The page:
In this issue:
- Tarmac delays and flight cancellations
- Cost of airliner missile protection
- Taking U.S. airport privatization seriously
- Registered Traveler returns to airports
- Problems for Branson Airport
- Pathetic perimeter security
- Upcoming conferences
- News Notes
- Quotable Quotes
Has the Tarmac Delay Rule Increased Flight Cancellations?
The U.S. DOT’s tarmac delay rule went into effect at the end of April, and when cancellation and delay figures for May appeared in July, a heated controversy erupted. A number of aviation analysts had predicted that the draconian ($27,000 per passenger) penalty for keeping passengers in a plane on the ground more than three hours would lead to risk-averse airline behavior, cancelling flights at risk of exceeding that time period. And because of today’s very high load factors (85% or more), there would be great difficulty in finding seats for those whose flights were cancelled, resulting in ruined business trips and vacations. But the DOT’s figures portrayed May’s cancellations as below average, and that’s what the media reported.
Shortly after the DOT’s May figures appeared, two aviation consultants, Joshua Marks and Darryl Jenkins, released a major study, “Impact of Three-Hour Tarmac Delay Rules and Fines on Passenger Travel Time and Welfare.” (www.tarmaclimits.com) What Marks and Jenkins did was to re-examine the DOT’s Regulatory Impact Analysis, in which the DOT projected that the benefits of the rule would exceed its costs. Their analysis concluded just the opposite: that while 110,000 passengers per year will be spared an average of 3.26 hours of taxi-out delays, at least 200,000 passengers will be on 2,600 flights cancelled directly because of the tarmac delay rule (to avoid the fines), and that those cancellations will drive another 2,600 indirect cancellations, harming another 200,000 passengers. Thus, the ratio of passengers harmed to passengers helped is about four to one. And they estimated the net cost to air travelers as $3.5 to $3.9 billion over a 20-year period.
That was embarrassing enough for the DOT, but as a last-minute addition, Marks and Jenkins concluded that the cancellation data from the first month alone (May) demonstrated their point. The DOT’s Regulatory Impact Analysis said there would be an average of only 41 cancellations per year stemming from the rule, but the DOT data for May, said Marks and Jenkins, showed hundreds of rule-related cancellations. QED.
That was too much for the Office of the Secretary, which sent out a blistering news release, claiming that May’s total cancellation rate was below average and arguing that in any case one month’s data shouldn’t be used to draw longer-term conclusions. And that, in turn, set off a long argument over different ways to crunch the same data, which I won’t bore you with.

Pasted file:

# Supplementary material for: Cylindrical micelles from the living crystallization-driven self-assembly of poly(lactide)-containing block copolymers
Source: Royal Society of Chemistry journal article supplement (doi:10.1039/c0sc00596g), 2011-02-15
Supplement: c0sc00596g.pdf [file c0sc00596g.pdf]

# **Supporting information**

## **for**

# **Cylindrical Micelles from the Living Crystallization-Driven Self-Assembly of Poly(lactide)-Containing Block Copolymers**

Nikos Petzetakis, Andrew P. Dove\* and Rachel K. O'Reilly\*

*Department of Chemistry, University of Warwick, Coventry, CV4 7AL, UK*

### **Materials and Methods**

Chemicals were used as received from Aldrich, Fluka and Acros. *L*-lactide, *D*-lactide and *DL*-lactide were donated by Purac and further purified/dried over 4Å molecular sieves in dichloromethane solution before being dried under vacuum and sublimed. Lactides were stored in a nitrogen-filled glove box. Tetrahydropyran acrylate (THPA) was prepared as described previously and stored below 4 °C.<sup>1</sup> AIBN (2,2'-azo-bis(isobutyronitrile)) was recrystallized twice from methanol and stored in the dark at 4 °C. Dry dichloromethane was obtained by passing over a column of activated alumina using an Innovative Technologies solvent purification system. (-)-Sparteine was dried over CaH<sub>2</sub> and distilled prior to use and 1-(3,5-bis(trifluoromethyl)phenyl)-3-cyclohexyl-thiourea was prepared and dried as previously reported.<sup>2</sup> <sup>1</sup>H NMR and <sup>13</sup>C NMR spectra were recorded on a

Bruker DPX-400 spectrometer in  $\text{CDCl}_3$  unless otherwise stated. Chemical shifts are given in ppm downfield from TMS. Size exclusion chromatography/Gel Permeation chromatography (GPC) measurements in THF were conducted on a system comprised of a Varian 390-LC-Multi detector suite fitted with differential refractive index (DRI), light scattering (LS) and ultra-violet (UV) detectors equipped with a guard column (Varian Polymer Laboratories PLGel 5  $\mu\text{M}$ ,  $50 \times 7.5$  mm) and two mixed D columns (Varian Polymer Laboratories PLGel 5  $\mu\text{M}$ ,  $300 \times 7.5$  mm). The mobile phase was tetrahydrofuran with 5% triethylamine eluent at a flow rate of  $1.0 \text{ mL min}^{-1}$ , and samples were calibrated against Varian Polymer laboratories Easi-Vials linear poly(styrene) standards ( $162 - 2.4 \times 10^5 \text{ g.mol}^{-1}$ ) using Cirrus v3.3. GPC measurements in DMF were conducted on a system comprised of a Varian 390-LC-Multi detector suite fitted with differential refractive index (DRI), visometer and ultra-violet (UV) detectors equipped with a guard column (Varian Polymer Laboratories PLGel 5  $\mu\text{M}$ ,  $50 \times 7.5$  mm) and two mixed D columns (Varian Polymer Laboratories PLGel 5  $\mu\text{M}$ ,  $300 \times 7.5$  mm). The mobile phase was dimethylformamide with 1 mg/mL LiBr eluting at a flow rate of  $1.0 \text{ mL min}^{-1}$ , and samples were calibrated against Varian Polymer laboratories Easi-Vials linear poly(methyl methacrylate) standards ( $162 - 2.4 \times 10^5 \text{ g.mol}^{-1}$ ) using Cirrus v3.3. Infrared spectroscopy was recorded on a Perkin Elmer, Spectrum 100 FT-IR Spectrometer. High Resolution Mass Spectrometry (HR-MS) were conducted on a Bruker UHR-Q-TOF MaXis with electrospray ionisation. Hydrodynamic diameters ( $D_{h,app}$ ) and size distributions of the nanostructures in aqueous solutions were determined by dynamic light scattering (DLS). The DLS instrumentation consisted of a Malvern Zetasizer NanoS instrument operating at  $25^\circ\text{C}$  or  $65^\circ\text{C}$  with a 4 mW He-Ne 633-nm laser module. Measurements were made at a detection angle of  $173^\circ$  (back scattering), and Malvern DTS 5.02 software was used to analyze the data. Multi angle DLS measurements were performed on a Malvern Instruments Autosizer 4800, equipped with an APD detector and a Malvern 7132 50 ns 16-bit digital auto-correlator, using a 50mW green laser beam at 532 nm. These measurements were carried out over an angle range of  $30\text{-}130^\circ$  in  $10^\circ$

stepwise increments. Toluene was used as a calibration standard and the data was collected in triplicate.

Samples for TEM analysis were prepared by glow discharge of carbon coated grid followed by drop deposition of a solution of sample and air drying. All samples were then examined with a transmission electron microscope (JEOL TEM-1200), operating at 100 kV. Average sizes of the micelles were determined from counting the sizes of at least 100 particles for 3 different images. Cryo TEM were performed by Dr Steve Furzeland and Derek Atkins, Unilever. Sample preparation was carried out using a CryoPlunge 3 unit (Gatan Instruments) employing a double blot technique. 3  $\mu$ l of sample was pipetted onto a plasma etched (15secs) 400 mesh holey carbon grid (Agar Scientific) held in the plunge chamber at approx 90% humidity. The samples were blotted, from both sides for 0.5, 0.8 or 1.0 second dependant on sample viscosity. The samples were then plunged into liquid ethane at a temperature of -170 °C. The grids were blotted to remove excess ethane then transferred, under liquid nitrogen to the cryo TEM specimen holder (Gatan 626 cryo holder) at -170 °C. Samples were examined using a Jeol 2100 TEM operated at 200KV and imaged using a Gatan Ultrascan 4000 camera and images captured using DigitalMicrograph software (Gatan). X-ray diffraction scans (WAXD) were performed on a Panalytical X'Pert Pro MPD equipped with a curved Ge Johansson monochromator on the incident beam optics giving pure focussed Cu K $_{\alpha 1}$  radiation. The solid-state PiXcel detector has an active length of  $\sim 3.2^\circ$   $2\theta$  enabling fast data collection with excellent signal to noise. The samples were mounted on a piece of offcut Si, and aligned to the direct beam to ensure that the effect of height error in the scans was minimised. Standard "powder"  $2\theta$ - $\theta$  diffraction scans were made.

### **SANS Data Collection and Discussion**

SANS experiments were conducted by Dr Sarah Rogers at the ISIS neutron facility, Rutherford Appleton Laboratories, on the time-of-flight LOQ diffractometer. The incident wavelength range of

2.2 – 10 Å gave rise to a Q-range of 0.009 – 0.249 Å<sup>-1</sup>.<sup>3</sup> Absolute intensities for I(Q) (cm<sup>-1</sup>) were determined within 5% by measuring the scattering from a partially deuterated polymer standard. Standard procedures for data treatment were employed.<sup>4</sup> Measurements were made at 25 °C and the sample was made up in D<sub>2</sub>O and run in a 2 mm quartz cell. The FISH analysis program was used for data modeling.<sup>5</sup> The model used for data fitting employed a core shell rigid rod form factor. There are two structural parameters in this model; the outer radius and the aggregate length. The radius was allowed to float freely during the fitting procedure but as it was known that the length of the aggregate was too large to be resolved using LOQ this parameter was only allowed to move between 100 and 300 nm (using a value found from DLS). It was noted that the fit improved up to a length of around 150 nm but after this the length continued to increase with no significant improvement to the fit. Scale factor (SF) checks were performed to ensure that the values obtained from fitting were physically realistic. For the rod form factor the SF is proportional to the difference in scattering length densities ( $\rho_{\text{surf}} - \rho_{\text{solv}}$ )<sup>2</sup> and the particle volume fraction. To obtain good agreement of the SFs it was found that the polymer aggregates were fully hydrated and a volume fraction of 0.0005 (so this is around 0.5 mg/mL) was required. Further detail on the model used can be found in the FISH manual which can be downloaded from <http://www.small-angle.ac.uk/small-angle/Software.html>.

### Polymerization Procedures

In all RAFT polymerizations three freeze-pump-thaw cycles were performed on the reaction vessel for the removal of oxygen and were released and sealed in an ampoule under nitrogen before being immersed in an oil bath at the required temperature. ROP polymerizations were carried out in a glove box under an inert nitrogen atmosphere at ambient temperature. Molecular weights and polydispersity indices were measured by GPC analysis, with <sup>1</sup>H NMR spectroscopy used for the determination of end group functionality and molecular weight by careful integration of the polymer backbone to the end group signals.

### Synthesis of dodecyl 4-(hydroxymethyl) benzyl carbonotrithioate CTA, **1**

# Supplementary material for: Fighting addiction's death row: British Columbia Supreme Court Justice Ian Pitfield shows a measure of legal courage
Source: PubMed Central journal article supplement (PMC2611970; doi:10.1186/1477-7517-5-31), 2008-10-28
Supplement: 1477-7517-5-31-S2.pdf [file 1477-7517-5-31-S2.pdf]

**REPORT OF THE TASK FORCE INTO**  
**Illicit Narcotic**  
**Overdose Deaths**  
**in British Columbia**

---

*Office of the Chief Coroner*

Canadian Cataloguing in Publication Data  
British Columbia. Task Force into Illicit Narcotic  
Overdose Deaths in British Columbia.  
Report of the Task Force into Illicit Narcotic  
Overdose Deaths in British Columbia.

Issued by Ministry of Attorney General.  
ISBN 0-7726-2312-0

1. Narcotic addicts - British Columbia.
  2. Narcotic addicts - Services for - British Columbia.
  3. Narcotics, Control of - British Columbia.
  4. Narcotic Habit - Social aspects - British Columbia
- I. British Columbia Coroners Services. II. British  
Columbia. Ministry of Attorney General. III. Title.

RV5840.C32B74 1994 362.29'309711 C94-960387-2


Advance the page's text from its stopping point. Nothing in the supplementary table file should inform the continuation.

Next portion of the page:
I do want to commend the Marks & Jenkins report to you, as an excellent piece of analysis that is well-informed about how airlines and airports actually operate. Having been on several flights that were cancelled in the last few years, I know first-hand the chaos that ensues as the airline tries to rebook up to several hundred passengers into the few available seats on whatever flights are still operating. After reading the entire 73 pages, which added a lot to my knowledge, I find their assessment entirely plausible.
What Ever Happened to Airliner Anti-Missile Systems?
The last time I wrote about the issue of defending U.S. airliners against the hypothetical threat of shoulder-launched anti-aircraft missiles was May 2009. At that point, I noted that the Department of Homeland Security had not released the results of its 15-month test of two competing systems (from BAE and Northrop Grumman) back in 2007-08 and wondered what its findings were.
DHS has still not published the assessment report, but the Federation of American Scientists succeeded in getting a copy via a Freedom of Information Act request, and the findings were discussed in a BusinessWeek article by Angela Greiling Keane dated July 2nd. After operating the two systems for more than 16,000 flight hours on American Airlines airliners and FedEx cargo planes, DHS concluded that the systems (which are deployed on many military planes and some private jets) are effective. But we already knew that. The big question is whether they are cost-effective in a U.S. airline setting.
The report estimated the cost of equipping all U.S. airliners the size of 737s and A318s and larger—over 3,600 aircraft—at $43.3 billion. That cost includes the purchase price and installation as well as ongoing maintenance over a 20-year period. A 2005 RAND Corporation study of the issue estimated that a missile attack that succeeded in bringing down an airliner would cost the country more than $15 billion—assuming that the government’s response was to shut down all air travel for a week. Presumably, then, advocates would argue that it’s worth spending $43 billion to prevent a $15 billion loss, even if we think the probability of that loss is very low.
I have several responses to this. First, target-hardening is a losing game when it comes to defending an entire advanced, wealthy nation. There are simply too many alternative targets. Let’s assume that the $43 billion investment in airliner protection deters terrorists from using black-market heat-seeking missiles against large airliners. They would still be usable against countless other targets: regional jets (now approaching 100-passenger size), railroad locomotives, power plants, etc. You can’t harden all possible targets without bankrupting the country.
Second, even if the domestic heat-seeking missile threat level increases far beyond what I guess it to be, there is a far less costly approach that I’ve written about before. Since these weapons work only at low altitudes (i.e, when planes are landing or taking off), put anti-missile systems around key airports, for a fraction of the cost of equipping all planes.